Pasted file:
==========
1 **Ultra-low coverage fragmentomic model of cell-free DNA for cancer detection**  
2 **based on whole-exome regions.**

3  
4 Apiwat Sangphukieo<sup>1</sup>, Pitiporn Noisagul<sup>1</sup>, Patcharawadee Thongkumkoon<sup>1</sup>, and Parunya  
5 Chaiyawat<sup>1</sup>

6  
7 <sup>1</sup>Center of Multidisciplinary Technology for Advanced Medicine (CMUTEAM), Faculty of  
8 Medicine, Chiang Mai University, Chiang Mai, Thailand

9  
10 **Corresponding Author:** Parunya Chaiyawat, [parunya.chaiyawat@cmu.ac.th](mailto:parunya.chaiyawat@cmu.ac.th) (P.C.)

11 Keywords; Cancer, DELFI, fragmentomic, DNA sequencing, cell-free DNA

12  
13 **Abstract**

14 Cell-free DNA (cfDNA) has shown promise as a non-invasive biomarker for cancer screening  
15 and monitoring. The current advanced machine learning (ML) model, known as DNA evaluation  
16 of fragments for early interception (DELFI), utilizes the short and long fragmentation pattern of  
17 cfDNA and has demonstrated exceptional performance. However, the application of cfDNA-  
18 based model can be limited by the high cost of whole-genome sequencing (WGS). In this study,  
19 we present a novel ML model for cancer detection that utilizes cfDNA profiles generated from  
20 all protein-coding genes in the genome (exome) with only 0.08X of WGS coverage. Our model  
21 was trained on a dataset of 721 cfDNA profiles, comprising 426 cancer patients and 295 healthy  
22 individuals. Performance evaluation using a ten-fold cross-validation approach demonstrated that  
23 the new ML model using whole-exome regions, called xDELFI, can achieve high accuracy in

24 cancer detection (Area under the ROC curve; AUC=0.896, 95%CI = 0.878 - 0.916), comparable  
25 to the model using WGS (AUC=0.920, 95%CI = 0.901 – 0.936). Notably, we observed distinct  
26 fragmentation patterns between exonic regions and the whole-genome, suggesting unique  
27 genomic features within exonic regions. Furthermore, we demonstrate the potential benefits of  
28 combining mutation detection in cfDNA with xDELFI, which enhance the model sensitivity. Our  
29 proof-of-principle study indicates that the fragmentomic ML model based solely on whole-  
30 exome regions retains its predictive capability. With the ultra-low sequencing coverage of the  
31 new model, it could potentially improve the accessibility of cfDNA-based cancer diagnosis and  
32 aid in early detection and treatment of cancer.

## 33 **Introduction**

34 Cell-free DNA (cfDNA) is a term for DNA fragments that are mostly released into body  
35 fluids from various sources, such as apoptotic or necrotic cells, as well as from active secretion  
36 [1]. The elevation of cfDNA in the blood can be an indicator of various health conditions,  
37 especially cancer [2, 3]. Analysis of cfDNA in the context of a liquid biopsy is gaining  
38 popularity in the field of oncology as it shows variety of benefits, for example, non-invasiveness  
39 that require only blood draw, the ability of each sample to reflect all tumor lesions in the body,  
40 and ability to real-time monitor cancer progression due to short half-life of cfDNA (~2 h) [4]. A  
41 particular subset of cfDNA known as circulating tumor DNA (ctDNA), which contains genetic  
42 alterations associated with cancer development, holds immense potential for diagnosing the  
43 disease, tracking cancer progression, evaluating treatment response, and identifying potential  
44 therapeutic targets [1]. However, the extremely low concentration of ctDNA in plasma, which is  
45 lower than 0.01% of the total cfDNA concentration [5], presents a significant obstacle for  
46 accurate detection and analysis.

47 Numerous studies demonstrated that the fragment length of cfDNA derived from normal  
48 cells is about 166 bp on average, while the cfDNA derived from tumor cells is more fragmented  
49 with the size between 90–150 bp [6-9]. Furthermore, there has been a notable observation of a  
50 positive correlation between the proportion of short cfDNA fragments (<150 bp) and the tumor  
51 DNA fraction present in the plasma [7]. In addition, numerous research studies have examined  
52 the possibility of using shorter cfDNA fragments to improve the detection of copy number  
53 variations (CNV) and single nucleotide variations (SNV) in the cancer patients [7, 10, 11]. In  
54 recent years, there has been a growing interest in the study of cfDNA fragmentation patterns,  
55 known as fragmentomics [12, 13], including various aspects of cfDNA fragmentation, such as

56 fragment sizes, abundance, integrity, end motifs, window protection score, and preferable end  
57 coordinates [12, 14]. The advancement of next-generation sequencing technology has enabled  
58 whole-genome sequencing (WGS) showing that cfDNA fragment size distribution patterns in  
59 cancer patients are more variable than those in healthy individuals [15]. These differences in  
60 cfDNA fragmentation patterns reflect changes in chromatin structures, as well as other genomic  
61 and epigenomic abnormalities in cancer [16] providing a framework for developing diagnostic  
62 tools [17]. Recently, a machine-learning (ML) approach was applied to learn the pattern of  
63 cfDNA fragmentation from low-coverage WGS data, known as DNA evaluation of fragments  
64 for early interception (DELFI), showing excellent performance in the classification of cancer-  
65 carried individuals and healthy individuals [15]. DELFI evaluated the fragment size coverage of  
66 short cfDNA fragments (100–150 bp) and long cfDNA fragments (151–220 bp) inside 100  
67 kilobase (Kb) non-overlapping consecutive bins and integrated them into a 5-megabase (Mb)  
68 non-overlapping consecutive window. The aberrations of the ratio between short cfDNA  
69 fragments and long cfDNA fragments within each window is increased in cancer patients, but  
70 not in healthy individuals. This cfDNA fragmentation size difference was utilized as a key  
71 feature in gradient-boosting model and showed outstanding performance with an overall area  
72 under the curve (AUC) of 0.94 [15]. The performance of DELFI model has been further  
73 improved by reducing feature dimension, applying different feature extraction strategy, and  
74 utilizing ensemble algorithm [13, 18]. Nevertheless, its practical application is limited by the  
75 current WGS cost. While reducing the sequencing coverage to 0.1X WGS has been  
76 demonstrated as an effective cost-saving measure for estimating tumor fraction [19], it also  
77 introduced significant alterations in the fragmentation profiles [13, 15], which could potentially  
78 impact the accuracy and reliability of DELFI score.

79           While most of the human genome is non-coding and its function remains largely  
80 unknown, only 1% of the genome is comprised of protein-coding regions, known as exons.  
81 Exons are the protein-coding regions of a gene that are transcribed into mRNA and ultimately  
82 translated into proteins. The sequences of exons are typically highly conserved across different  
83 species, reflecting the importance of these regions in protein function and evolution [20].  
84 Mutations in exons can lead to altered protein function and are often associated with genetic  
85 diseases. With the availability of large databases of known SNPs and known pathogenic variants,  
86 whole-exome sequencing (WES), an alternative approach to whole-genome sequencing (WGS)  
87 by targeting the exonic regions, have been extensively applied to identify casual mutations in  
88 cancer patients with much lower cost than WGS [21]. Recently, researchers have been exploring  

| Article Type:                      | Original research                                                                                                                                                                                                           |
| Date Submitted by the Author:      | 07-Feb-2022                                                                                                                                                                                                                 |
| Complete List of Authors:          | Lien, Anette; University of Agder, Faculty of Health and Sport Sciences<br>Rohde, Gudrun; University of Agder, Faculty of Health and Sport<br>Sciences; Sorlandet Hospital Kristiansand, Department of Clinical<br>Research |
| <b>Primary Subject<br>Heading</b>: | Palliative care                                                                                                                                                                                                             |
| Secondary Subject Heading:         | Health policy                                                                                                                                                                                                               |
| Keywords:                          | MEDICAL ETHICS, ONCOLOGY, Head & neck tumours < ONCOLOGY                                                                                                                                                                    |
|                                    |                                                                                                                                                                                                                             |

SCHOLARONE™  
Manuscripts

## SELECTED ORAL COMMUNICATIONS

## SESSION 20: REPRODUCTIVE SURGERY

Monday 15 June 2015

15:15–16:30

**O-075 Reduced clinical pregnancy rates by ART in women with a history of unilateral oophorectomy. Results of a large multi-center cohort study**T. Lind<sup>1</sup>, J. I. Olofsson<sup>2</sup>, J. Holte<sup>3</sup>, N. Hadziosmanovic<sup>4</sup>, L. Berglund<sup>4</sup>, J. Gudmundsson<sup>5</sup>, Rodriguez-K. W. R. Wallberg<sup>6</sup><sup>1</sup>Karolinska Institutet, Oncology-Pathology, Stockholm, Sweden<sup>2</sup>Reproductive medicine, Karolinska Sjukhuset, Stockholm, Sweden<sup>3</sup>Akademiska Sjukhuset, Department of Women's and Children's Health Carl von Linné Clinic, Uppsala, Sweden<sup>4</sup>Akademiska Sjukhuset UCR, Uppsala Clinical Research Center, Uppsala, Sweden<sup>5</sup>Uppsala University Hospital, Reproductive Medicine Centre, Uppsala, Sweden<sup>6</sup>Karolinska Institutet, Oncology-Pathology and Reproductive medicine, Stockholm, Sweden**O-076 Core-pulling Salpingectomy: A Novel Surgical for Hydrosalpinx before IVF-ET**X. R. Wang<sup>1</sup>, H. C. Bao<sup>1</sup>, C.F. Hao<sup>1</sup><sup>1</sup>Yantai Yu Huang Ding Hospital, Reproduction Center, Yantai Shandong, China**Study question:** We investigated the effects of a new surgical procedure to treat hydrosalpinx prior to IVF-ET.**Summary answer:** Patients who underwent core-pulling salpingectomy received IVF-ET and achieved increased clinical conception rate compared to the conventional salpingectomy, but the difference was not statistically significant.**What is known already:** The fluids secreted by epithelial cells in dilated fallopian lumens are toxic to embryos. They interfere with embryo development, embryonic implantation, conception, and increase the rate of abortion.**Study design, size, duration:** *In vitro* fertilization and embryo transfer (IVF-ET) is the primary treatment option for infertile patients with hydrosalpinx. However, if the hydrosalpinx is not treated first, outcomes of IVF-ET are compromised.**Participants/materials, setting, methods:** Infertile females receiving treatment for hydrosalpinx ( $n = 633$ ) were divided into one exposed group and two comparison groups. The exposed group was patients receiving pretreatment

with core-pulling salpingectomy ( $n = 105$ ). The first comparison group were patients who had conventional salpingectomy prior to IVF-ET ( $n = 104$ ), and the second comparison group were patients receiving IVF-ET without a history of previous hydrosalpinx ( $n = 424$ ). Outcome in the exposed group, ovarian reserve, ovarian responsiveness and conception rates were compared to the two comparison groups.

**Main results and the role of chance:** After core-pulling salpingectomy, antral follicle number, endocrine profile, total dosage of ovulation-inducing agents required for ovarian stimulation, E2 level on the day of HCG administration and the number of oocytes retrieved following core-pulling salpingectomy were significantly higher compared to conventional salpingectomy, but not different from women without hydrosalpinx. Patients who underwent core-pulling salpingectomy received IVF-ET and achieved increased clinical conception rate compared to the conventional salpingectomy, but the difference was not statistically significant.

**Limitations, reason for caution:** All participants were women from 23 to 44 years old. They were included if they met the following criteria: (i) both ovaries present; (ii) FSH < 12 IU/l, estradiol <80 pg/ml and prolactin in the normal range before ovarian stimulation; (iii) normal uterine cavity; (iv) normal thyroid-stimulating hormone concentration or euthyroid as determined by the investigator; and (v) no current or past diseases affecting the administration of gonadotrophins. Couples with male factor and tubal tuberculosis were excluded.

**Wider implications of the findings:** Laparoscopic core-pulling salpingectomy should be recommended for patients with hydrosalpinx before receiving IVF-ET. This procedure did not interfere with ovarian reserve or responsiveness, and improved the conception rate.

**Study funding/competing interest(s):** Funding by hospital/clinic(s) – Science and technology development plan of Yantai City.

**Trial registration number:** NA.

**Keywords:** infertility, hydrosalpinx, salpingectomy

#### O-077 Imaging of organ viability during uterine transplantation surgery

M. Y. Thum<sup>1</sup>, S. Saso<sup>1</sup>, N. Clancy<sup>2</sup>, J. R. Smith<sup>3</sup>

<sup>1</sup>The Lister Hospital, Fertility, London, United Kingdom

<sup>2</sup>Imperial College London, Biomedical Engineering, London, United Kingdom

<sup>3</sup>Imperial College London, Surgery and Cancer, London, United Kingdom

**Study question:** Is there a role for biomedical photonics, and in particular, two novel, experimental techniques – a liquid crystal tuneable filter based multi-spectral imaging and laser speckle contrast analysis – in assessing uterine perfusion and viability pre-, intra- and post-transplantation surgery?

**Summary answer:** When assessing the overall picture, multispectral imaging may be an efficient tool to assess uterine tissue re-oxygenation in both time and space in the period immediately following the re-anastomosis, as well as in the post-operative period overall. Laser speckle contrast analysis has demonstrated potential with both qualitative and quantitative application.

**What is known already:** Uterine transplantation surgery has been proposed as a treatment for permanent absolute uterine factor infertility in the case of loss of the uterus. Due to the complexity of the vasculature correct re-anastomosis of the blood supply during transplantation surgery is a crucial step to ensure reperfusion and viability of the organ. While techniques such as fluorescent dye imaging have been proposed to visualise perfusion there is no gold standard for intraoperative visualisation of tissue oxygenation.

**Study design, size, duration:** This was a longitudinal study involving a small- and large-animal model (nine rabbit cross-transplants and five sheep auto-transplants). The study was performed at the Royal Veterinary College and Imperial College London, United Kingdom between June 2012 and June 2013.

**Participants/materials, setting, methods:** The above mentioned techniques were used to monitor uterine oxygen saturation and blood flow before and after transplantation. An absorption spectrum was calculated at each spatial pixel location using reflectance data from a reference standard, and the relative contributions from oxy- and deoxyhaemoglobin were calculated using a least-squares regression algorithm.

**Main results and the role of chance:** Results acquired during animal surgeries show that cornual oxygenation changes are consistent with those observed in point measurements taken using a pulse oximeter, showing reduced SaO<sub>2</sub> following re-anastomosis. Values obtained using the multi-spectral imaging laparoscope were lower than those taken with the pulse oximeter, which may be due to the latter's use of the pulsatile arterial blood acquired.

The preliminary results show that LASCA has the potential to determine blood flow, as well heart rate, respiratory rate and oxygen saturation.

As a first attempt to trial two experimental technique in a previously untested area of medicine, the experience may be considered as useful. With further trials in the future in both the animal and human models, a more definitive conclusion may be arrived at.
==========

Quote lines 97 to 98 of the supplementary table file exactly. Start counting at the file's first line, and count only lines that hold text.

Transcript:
Manuscripts

## SELECTED ORAL COMMUNICATIONS